Anybody who knows me knows that I am cinematically illiterate. (I’m not sure if I just created a word, but it sounds reasonable) I have never been the person to sit down and watch movies, and as a result, I don’t have a thorough knowledge of movie history. However, last night I found some time to watch the children’s comedy “Megamind” with some friends. I really did enjoy the movie.
For those who haven’t seen it, the central character is Megamind, who is a villain who has battled his entire life with a childhood companion, Metroman. Megamind continuously loses to Metroman and he begins to believe that he is meant to be the villain. Without giving away the plot, Megamind comes to have control over Metro City. The rest of the movie focuses on Megamind’s internal struggles between the villain that he believes he is and the good that is inside of him.
It’s fascinating when movies take the perspective of what would typically be the antagonist of a standard plot. Many works have done this and been wildly successful commercially as well as giving an insightful commentary on our society. Some examples are the musical “Wicked”, “Phantom of the Opera”, and the TV series “The Sopranos”. I enjoy these divergent perspectives and believe they serve a valuable purpose in artistic productions. I do, on the other hand, wonder about the wisdom of presenting this in the same manner in children’s movies.
My favorite movie growing up was “The Lion King”. The focus of that movie was Simba fighting his uncle Scar. It’s a classic story of good vs. evil. To be sure, there are reasons and rationales for why Scar ended up in his current situation, but the focus of the movie is on a good, honest, and decent Simba overcoming personal challenges and evil at the same time.
In Megamind, Megamind is presented sympathetically and you can’t help but root for the little, evil underdog. The same situation arises in the other productions that have the villain playing the lead role. You can almost find yourself saying, “If only X would have happened differently, Megamind would be a good guy!” This is typically true, which is why I enjoy seeing art presented in this manner. However, that needs to be qualified. There are two critical points here: processes and events.
The process involve the years, situations, and unfortunate circumstances that led to Megamind’s decision to become evil. The event is Megamind deciding to destroy Metro City. We should be aware that life is complex. Many factors contribute to the success or failure of anything in life. We should not, however, confuse the process with the event. Once a person has chosen something dangerous to the welfare of society, good and decent people everywhere must unite to stop it. A person can change, turn a new leaf, and if they do so, I applaud them! Actions still have consequences, even if they have been turned away from, and we must always remember this. Children especially need to know this, because many decisions they make as youth will have ramifications for them for the rest of their lives.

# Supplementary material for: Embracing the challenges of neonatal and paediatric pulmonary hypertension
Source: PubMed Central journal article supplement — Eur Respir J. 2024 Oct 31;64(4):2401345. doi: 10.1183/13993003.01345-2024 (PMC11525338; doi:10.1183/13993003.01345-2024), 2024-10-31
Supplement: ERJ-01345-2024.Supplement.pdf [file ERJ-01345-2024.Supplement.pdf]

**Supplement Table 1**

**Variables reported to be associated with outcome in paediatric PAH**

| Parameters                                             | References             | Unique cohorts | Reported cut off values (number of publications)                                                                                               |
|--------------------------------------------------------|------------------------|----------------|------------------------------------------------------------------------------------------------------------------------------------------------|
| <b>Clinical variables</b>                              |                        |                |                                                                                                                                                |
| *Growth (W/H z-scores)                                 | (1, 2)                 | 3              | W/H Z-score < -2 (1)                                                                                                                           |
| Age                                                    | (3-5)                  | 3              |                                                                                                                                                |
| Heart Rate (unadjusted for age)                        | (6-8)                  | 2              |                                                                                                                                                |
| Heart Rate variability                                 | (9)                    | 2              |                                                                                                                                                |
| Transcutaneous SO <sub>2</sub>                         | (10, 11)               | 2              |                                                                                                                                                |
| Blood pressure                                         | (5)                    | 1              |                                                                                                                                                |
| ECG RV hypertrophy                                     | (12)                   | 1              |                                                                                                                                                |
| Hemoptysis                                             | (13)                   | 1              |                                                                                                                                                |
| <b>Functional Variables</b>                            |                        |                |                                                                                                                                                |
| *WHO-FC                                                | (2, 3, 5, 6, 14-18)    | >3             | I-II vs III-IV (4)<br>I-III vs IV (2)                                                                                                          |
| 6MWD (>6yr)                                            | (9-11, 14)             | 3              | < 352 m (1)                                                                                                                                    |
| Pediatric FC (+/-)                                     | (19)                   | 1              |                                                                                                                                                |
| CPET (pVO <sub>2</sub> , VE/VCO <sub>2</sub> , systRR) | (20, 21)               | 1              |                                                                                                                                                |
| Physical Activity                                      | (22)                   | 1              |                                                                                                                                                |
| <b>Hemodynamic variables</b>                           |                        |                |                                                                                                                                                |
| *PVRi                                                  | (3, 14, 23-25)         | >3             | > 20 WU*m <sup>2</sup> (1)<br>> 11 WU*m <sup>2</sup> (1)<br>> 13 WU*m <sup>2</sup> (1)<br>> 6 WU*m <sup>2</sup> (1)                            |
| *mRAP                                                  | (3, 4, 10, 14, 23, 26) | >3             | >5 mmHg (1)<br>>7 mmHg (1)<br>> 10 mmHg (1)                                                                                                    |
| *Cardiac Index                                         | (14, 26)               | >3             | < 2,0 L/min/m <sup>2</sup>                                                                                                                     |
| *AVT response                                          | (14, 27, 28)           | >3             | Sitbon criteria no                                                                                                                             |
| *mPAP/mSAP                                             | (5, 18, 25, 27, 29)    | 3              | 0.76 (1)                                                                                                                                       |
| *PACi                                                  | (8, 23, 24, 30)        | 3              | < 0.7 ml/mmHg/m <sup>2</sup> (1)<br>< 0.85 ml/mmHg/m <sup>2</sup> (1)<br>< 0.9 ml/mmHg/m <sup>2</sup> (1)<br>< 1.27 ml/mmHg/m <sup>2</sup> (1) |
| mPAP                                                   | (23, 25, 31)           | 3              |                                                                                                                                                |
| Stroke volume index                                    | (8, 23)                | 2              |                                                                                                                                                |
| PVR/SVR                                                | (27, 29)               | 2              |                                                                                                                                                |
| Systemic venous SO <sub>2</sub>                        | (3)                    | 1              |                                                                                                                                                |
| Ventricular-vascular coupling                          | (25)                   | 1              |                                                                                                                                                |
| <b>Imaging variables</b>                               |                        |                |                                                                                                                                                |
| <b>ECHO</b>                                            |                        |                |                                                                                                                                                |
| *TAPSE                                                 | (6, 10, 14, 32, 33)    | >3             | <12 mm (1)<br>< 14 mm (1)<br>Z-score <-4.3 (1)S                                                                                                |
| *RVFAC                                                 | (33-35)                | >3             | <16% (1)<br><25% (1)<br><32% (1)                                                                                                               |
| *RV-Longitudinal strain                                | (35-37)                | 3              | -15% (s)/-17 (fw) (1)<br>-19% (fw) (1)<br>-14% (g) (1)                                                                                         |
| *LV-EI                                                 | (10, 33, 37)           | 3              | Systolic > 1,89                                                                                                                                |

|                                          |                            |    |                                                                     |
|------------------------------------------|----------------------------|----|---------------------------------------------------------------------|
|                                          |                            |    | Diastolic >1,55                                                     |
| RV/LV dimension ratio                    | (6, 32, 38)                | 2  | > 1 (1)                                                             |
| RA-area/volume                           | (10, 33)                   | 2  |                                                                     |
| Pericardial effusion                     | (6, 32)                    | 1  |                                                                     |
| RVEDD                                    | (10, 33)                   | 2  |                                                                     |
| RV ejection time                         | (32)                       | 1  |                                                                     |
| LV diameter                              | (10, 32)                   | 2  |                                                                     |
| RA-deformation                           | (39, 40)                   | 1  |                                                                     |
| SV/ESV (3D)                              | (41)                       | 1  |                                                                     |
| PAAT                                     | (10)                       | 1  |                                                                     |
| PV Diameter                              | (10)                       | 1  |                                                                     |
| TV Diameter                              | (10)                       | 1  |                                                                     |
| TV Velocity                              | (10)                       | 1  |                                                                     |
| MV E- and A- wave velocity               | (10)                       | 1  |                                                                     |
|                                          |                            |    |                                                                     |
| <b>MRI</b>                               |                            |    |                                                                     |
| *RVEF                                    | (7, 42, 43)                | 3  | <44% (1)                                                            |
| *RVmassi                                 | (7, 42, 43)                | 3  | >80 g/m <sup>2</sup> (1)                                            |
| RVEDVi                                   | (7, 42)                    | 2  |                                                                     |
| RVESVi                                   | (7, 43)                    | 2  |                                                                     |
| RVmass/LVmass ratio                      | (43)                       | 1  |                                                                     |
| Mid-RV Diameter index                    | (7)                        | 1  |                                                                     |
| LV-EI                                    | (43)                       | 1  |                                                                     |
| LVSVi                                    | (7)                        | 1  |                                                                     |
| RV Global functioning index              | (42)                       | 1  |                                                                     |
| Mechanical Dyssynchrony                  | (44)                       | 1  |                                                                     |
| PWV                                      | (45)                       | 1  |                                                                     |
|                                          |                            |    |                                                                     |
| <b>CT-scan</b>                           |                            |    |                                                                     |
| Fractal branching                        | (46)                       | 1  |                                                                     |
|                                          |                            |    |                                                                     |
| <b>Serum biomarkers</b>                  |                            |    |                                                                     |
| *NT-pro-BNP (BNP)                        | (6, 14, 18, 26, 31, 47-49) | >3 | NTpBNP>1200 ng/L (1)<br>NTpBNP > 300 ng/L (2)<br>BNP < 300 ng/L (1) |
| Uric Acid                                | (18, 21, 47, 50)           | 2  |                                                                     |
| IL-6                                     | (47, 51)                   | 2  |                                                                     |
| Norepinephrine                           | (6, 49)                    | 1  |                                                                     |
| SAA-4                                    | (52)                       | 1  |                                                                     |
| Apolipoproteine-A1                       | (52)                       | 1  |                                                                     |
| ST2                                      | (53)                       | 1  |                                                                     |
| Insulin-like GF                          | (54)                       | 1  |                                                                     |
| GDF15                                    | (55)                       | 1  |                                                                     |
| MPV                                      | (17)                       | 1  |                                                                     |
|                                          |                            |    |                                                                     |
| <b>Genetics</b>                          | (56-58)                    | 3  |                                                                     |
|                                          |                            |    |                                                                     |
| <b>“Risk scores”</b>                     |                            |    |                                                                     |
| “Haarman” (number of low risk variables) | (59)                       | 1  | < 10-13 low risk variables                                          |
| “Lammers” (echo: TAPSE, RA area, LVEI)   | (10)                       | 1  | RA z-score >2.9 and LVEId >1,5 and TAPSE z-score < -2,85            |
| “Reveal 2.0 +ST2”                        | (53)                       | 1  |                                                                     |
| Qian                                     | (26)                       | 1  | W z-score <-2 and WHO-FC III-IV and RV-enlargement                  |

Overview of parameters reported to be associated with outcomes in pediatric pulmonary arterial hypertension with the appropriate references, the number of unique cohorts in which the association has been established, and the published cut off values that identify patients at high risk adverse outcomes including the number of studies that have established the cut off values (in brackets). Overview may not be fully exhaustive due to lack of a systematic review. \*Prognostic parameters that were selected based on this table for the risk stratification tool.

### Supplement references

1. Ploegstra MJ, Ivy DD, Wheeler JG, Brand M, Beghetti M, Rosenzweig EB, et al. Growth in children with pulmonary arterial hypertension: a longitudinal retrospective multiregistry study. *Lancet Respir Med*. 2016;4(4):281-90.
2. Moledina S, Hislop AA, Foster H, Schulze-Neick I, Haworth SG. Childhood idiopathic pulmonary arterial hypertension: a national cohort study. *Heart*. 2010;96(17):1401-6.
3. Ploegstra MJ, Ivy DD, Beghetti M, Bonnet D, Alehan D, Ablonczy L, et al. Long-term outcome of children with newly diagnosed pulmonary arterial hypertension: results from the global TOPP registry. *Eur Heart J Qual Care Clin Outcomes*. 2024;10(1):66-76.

Knowledge has always been developed much like a pyramid, one level at a time. First, we need the knowledge of good and evil. We need to have a surety of what we know to be right and what we know to be wrong. Then, and only then, can we interpret motives, processes, and try to correct them. (Yes, I know there are other things to be taught as well…just simplifying to stay concise) If we do this backwards, we start creating a morally relativistic society that sympathizes with terrorists, criminals, and drug dealers because “we (society) failed them”. Many people may have failed the “villains” of our society today, but they are the only ones who chose to pursue that path and as a result are the only ones who can be blamed for their decisions. And as soon as they chose that path, they also chose the consequences. First, children need to know that good decisions have good consequences and bad decisions have bad consequences. After they’ve been thoroughly taught in this basis of personal living can we move outwards to defining motives of others.
I believe that as a society we need to look at the reasons why certain events take place. While we do this, we must remember more central features of our human condition: 1) We all control our own choices, 2) While there are many grey areas in the world, there are still clear rights and wrongs, and 3) We must adjudicate our society based on the first two points. My hesitation in presenting movies and other artistic productions to children in the manner of Megamind is that we’re putting the chicken before the egg.